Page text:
Small Boats and Daring Men: Maritime Raiding, Irregular Warfare and the Early American Navy, by Benjamin Armstrong, University of Oklahoma Press, Norman, 2019, $34.95
Covert operations often prove crucial toward weakening enemy resistance, while also serving to boost morale in the ranks and sway public opinion. We tend to think of such secretive surgical strikes as the domain of elite U.S. Navy SEALs or Army Green Berets. But truth is, various American fighting forces have carried out similar missions since the birth of the republic. In this first-of-its-kind historical study author Benjamin Armstrong—an assistant professor of war studies and naval history at the U.S. Naval Academy in Annapolis, Md.—details early naval operations that set the precedent for future clandestine maneuvers.
Armstrong has edited two books on naval warfare and written numerous articles on naval history and national security. Drawing on original operational reports and sailors’ memoirs and diaries, the author here crafts a riveting account of how the nascent U.S. Navy stared down seemingly insurmountable odds to achieve success. The narrative focuses on several key episodes in American naval history, from John Paul Jones’ bold 1778 assault on Whitehaven, England, during the American Revolution, to Stephen Decatur’s 1803 burning of the frigate USS Philadelphia and the Marines’ 1805 assault on “the shores of Tripoli” during the First Barbary War, to naval engagements on the Great Lakes and in the Atlantic Ocean during the War of 1812, as well as other actions in the Caribbean and Sumatra. Armstrong provides a detailed and readable analysis of the operations, linking them to current tactics and operations as the United States pursues its ongoing global war on terror.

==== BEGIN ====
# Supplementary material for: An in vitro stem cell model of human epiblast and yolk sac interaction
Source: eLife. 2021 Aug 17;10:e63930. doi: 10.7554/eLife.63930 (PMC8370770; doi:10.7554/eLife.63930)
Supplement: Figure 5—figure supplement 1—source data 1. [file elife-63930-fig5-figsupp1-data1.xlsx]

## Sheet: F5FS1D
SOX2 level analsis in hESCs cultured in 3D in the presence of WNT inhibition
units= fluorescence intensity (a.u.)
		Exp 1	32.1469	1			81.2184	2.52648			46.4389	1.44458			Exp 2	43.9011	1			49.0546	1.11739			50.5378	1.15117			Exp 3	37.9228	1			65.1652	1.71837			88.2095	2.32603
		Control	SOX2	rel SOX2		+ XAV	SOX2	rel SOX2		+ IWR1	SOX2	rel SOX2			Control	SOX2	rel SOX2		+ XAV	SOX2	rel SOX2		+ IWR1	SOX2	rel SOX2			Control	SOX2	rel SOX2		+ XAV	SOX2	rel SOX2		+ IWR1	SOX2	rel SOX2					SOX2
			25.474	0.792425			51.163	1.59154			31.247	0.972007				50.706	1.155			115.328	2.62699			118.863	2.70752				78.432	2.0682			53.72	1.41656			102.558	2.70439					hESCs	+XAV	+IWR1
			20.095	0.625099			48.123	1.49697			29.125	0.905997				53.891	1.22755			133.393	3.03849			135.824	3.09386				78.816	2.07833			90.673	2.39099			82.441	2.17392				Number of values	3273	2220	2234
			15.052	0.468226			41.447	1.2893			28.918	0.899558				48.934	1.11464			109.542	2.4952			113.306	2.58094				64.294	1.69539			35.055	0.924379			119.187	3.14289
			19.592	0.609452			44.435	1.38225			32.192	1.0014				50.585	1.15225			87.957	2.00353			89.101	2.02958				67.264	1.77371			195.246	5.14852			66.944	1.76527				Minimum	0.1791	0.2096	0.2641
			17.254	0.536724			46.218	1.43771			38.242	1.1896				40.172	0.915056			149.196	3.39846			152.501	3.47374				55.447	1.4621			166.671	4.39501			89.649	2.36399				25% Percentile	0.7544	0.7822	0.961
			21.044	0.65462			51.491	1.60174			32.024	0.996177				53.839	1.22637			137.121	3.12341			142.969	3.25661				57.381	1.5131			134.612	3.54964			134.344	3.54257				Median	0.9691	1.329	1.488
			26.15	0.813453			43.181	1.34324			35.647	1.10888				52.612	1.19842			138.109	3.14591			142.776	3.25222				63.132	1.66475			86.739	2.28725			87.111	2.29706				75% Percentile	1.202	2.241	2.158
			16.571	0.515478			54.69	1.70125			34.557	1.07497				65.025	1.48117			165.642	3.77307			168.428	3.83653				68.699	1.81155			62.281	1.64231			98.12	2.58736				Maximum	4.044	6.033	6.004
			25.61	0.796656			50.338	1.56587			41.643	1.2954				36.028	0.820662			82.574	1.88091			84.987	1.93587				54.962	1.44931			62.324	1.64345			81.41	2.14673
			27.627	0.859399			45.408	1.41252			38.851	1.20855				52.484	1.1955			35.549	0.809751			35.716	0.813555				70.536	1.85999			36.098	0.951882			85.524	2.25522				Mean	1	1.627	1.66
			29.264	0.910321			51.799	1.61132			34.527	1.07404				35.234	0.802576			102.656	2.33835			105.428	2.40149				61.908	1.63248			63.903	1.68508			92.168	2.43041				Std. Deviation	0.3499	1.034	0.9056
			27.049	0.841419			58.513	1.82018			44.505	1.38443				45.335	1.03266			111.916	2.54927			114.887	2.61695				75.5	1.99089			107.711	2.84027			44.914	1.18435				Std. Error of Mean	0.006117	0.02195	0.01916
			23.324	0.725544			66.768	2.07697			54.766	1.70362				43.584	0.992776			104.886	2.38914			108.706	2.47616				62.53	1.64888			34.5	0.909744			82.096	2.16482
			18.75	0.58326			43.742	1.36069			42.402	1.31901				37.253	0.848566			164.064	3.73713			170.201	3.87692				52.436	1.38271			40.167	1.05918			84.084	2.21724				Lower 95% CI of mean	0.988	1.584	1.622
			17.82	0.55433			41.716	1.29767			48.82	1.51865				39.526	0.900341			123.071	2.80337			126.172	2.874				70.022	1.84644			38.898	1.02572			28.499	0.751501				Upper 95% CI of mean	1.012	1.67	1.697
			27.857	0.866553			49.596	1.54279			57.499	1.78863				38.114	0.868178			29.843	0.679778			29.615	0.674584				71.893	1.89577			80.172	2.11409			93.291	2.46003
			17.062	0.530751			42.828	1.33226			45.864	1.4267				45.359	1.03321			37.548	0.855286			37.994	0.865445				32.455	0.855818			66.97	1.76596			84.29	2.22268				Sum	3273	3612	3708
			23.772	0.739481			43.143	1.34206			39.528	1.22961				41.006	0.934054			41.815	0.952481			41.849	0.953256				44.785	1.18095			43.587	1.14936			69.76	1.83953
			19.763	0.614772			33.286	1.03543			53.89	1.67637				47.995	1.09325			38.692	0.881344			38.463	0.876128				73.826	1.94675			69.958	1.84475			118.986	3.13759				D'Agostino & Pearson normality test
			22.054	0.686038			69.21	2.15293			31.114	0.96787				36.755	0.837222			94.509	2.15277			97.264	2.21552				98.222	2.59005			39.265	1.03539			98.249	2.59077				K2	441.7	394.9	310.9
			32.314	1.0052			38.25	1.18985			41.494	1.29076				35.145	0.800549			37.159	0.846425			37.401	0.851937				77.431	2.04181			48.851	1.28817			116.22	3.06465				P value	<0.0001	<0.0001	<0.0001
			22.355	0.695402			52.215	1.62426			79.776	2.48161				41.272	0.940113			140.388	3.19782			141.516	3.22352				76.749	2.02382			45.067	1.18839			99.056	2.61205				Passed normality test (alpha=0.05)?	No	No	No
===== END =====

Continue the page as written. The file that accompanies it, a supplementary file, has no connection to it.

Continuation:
Small Boats and Daring Men is one of those rare books that combines scholarly discourse with exciting storytelling as it relates the birth of American sea power by military leaders short on resources but long on ingenuity.